The committee criticised the current system saying it undercut local workers, drove down wages and left migrants dependent on the employers sponsoring them open to exploitation. The MAC questioned the benefit to the economy and found that as employers still have to pay for bureaucratic costs such as a sponsor licence to hire migrant employees on lower wages, administrative burdens were still too high for many employers.
“We are not convinced that the SOL is an effective tool to address labour shortages across different occupations and sectors,” said the MAC’s chair Brian Bell, a professor of economics at King’s Business School.
The MAC recommended scrapping the SOL altogether and instead suggested it could be asked by the Government to conduct reviews of individual high vacancy sectors or job roles that would allow it to come up with more tailored immigration solutions that would work for each one. Recommendations could include preferential access to the SW route as the SOL currently allows or more tailored, alternative immigration routes, as well as changes to pay and conditions, training and investment in technology for more sustainable solutions.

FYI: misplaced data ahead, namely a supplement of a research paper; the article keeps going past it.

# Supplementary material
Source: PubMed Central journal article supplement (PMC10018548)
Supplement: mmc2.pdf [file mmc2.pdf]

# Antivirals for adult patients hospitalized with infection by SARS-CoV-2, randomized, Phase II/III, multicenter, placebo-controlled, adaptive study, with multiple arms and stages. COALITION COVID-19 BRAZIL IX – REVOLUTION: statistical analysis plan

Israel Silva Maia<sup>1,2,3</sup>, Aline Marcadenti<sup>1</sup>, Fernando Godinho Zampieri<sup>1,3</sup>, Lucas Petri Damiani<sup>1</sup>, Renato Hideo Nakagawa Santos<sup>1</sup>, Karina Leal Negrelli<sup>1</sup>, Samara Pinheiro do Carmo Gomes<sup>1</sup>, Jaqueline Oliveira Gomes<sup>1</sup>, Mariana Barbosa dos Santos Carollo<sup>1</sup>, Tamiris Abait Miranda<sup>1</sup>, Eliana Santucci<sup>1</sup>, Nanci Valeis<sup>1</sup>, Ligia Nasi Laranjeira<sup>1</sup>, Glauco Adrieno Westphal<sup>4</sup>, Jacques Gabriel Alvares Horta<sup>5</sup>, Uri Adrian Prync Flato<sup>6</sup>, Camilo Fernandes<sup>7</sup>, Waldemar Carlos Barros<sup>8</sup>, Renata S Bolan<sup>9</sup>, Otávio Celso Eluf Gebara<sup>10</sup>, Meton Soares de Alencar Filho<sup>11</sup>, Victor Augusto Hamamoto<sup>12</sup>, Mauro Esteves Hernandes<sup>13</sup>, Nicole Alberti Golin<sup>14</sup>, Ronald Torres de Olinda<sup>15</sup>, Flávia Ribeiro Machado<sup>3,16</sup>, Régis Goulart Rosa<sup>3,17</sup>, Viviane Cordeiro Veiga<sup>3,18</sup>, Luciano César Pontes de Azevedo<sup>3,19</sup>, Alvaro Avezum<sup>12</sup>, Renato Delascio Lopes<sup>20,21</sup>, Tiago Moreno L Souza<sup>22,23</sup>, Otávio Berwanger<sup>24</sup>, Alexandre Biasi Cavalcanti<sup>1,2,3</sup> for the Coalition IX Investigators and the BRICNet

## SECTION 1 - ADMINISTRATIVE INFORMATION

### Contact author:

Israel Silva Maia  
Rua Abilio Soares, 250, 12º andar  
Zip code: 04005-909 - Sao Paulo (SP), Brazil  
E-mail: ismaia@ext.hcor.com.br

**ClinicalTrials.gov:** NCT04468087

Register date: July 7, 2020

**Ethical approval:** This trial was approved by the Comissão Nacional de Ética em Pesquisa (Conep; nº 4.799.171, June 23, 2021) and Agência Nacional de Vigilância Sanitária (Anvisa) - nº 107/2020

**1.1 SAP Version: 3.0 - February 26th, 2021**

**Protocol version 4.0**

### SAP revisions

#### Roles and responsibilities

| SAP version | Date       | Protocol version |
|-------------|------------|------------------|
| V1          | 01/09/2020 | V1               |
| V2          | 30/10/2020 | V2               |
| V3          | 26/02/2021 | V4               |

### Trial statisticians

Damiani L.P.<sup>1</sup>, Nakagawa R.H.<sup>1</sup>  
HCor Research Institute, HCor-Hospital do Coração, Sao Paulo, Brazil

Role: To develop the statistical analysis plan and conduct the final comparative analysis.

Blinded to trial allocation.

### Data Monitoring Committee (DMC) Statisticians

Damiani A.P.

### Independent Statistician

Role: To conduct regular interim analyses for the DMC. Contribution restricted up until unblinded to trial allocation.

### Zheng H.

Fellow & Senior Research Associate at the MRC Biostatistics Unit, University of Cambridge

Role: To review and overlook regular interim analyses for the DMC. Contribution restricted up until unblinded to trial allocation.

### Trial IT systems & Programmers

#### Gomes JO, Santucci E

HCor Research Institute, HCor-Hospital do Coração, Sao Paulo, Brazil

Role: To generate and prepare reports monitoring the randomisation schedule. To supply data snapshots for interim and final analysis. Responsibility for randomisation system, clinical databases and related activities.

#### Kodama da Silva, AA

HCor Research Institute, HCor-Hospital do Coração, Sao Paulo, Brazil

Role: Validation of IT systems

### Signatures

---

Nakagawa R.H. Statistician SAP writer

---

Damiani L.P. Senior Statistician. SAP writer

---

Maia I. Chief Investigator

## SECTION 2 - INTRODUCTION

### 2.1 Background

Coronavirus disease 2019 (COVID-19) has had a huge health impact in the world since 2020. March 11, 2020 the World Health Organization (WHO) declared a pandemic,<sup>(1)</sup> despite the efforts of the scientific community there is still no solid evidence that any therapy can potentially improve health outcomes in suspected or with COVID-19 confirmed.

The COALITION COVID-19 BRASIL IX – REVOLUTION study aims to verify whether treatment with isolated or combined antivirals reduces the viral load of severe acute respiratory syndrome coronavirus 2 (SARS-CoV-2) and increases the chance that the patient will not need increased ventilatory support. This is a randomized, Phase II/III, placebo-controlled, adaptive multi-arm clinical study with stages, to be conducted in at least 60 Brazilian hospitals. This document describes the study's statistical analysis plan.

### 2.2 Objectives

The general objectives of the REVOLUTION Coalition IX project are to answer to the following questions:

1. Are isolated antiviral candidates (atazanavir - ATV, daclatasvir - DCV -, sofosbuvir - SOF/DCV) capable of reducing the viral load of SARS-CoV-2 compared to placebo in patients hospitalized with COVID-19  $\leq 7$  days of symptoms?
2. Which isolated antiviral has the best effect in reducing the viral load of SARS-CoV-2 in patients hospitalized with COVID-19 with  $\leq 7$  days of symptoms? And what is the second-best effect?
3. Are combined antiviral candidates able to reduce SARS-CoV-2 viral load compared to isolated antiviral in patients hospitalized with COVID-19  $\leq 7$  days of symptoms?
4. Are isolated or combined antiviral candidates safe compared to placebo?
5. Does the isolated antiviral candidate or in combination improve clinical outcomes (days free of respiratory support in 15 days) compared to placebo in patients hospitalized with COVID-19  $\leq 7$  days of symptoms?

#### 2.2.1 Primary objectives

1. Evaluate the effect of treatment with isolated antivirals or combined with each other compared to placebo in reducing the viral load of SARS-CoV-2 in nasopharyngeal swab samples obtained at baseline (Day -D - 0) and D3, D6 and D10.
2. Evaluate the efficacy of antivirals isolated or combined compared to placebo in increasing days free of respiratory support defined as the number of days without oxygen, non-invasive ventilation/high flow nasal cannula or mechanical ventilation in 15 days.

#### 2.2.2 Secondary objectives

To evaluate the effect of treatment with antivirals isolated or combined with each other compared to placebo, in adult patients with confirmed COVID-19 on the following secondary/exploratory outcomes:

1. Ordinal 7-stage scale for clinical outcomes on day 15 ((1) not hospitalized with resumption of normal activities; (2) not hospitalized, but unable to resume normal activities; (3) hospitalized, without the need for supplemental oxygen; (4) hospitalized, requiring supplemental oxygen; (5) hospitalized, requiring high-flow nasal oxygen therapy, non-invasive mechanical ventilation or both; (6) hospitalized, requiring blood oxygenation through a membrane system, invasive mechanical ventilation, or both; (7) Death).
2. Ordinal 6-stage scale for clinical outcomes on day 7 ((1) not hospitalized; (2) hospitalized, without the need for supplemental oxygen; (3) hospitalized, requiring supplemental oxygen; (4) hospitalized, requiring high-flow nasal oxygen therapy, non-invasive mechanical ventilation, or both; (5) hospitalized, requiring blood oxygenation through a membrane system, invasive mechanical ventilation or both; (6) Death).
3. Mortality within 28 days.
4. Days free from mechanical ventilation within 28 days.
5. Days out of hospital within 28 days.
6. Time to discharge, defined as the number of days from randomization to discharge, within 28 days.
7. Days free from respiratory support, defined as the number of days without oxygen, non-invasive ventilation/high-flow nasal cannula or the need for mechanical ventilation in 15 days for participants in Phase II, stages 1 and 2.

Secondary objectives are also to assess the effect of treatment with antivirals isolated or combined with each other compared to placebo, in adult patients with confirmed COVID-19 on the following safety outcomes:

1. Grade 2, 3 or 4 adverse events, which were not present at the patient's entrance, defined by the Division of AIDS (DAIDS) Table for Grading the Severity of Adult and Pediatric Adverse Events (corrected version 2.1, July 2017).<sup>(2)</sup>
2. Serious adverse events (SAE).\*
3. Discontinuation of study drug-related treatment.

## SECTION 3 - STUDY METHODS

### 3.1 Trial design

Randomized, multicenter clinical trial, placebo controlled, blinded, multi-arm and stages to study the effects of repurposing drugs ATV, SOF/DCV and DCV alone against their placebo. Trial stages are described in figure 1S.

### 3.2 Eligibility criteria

At present asylum seekers who have been waiting for over 12 months for a decision can request the right to work in shortage occupations. The MAC recommended that they should be able to work in any job going forward, adding that if the Government wanted to restrict the roles asylum seekers could contribute in, they could just be extended to any Skilled Worker role.
The most substantive change was that this review was conducted on the basis of stopping employers using the SOL to pay 20 per cent less than the going rate. This meant most occupations currently on the SOL would be ineligible.
So the only occupations it recommended to stay on the list are now ones which pay low enough that the going rate is below the general salary threshold of £26,200: just eight occupation codes for the whole of the UK and two that are specific only to shortages in Scotland.